An employee at mainstay Porto Rico Importing Co. at 40 Saint Marks Place, just east of Second Avenue, told customers—a local in black leather and tattoos and another in smartly cinched-up sweats—that Friday was busy with gawkers. She declined further comment. There was a more conservative line of about 10 outside trendy Abraço located at 86 East 7th Street near First Avenue. Food and beverage establishments that could open did not report much alteration in business. Many declined to comment.
Neighborhood support is taking place in the reverse as well. Frank Prisinzano, an East Village business owner for 17 years, is offering a free meal to any resident of an affected building at Frank (88 Second Avenue), Lil Frankie’s (19 First Avenue) and Supper Restaurant (156 East Second Street). Call in advance or bring something that proves residence. “We are horrified by this tragedy and deeply concerned for all involved,” said Mr. Prisinzano, who also sent food to people staying at the Tompkins Square Library and The Standard Hotel located at 25 Cooper Square at East 5th Street, which offered rooms to the displaced (though that offer has now ended).
Businesses like hairdressers and retail shops are not faring as well as those in hospitality. “I’m sorry for people,” said Jasna Juricek, proprietor of Jasna Hair Studio at 76 East 7th Street between First and Second Avenues, shaking her head in sadness for everyone directly impacted. In her salon a client was mid-blow-dry when the first explosion happened. “I’m not really chicken but it was terrible, like an earthquake.” She consoled her staff and clients but, she said, after the second blast, that was it. “It was really bad. Quickly there was smoke all down the street. Police told people to close. Now people don’t want to go to an area where something happened.”
Ms. Juricek opened the shop Friday but about half the appointments canceled, a scenario already repeating itself by 11 a.m. on Saturday. “Everyone has the same problem,” she said of neighboring businesses. Hers has only been open for four months. “I think this is going to be for a long time. It’s not easy.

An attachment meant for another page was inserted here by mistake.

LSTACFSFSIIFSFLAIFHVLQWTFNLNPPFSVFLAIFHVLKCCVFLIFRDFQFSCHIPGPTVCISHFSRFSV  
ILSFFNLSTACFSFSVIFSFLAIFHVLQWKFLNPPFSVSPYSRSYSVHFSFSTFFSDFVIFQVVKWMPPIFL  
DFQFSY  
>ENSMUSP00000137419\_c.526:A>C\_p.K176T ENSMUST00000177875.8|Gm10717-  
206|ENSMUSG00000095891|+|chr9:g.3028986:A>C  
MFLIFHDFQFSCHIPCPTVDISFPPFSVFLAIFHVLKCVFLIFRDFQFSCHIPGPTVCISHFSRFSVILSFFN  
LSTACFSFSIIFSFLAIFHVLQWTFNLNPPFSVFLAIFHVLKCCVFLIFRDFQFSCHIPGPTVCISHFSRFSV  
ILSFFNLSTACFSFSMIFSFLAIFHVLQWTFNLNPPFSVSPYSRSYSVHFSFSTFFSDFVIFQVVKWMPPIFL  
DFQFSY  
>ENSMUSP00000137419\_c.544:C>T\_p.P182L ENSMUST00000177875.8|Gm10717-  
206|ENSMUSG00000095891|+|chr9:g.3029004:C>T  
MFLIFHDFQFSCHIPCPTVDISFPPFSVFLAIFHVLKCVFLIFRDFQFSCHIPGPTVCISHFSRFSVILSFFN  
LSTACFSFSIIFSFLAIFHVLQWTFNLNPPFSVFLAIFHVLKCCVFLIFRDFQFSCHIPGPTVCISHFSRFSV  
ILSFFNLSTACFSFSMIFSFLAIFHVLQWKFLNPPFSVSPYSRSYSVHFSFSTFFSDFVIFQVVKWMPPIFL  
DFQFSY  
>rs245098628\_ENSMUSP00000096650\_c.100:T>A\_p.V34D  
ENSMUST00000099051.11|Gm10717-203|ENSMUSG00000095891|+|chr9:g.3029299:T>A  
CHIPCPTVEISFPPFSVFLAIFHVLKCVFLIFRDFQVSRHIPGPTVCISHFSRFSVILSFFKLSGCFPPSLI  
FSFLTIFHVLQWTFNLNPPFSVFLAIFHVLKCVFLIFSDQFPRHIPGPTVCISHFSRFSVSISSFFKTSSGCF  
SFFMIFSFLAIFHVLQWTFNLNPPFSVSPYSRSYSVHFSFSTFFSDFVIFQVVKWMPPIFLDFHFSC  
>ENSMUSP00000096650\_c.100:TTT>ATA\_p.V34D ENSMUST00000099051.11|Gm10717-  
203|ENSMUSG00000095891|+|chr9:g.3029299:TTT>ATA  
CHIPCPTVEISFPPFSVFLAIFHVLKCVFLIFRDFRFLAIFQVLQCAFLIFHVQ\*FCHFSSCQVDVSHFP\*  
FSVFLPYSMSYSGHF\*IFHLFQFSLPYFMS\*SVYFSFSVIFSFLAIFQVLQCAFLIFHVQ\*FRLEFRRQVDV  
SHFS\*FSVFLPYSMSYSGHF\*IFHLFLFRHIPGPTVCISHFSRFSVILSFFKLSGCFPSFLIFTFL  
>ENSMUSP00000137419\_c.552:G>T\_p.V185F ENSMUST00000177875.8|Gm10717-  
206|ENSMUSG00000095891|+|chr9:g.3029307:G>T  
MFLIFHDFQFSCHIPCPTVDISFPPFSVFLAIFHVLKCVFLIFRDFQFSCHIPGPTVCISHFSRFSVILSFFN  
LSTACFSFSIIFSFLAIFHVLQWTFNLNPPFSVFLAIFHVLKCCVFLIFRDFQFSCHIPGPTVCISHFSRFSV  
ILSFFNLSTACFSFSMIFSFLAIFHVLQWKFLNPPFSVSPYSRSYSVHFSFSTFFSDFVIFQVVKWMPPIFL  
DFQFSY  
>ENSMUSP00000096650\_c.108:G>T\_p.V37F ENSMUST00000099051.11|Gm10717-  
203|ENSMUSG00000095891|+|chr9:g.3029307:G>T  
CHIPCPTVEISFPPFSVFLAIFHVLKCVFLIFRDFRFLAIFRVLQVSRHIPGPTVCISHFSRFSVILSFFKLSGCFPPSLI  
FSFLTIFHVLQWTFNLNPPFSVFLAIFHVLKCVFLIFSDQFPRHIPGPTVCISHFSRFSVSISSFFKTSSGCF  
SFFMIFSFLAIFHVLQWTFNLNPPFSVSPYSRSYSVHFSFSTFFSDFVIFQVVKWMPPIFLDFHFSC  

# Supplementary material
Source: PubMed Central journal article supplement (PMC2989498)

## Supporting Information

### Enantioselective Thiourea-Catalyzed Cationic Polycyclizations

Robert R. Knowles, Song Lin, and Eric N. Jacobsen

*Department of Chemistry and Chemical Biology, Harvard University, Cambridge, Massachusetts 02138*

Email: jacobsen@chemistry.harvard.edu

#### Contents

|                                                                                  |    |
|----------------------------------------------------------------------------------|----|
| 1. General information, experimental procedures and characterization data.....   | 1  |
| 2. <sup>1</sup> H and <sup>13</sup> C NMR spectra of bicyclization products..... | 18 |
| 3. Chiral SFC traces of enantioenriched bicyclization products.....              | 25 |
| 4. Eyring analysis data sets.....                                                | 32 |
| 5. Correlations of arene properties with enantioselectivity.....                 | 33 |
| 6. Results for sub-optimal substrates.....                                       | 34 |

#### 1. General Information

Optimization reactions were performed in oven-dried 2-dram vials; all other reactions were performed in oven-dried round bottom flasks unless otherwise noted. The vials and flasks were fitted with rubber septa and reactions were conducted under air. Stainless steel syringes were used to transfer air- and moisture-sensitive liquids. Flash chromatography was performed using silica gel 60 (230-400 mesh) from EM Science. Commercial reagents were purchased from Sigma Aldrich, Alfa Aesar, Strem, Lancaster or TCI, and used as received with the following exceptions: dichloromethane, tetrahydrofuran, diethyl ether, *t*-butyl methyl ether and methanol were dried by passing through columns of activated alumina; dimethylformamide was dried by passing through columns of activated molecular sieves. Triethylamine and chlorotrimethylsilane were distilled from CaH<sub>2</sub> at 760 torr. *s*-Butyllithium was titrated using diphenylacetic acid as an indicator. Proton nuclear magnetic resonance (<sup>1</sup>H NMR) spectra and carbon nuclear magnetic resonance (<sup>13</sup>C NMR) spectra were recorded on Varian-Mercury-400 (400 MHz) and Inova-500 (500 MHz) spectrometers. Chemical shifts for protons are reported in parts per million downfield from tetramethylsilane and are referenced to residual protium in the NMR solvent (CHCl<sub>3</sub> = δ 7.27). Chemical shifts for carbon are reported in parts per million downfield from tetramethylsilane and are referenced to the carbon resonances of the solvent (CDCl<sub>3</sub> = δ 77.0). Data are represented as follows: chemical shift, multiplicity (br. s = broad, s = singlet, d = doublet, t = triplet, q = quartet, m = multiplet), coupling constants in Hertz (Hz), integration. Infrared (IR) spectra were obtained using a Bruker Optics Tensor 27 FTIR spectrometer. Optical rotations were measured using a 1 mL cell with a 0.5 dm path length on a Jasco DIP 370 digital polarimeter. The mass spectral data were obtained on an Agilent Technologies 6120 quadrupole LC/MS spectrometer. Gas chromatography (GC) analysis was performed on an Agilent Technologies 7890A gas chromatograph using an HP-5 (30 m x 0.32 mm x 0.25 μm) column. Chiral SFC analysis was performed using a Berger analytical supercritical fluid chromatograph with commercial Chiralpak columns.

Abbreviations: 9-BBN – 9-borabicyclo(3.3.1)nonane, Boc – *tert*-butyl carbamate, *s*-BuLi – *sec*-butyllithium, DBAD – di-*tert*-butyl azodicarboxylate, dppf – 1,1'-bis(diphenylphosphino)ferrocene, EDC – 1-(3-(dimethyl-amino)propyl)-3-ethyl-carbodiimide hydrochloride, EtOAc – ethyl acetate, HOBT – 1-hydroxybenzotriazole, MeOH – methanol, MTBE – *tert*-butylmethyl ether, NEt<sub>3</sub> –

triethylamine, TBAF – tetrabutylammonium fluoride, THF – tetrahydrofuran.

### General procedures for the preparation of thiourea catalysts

Across Second Avenue along Saint Marks Place, the scene was unusual. The block was empty but for camera-wielders peering into a rectangular hole containing a couple of Con Edison workers at the southwest corner. “It’s bad. It’s terrible,” said employees of a souvenir shop who did not wished to be named. “There’s no business at all. Only pictures.”
James Famularo, a senior director at Eastern Consolidated, who has been in the East Village for 15 years representing more than 30 properties, offers some hope. “It will be very difficult for the next few weeks but everyone will support the area once the barricades are gone.”
Mr. Famularo is currently offering 800 square feet at 24 Saint Marks Place. “I don’t think this will have a long-term negative affect on the East Village; anything like this that happens in New York City seems to pull people closer together.” He said the area ranks in the middle of Manhattan retail values, estimating restaurant spaces at $125 to $150 per square foot.
Across the street, 6,650 square feet at 37 Saint Marks Place, a.k.a. 133 Second Avenue, is also available, represented by three Winick Realty Group brokers including Lee Block, who agrees with Mr. Famularo that while the event itself was tragic, it will not have long- or even short-term effect on leasing or real estate overall.
“This is a dense, highly populated neighborhood that will still need services,” said Mr. Block. “New places are popping up every day. I don’t see that changing. New Yorkers are resilient. A week from now, hopefully, the streets will be open and people will go back to normal.”
That sentiment is shared by everyone who Commercial Observer encountered, including some of the most significantly impacted. For them there will be a new normal. A resident of 41 East 7th Street took in stride the information that, though he was allowed into his home on Thursday, a new procedure required OEM escort, following registration at Tompkins Square Library. A policeman at the barricade on Taras Shevchenko Place and East 7th Street told him he’d likely be allowed in for about 10 minutes only. “My apartment is trashed but I want to try to get some stuff,” the resident said, not wanting a longer conversation.
The policeman and the few onlookers were sympathetic. The resident took a breath and accepted. As he turned away the door of McSorley’s opened at 15 East 7th Street, letting a man out and a couple in, while two tourists posed for a photo in front. Early afternoon Saturday—and normal was already having its way.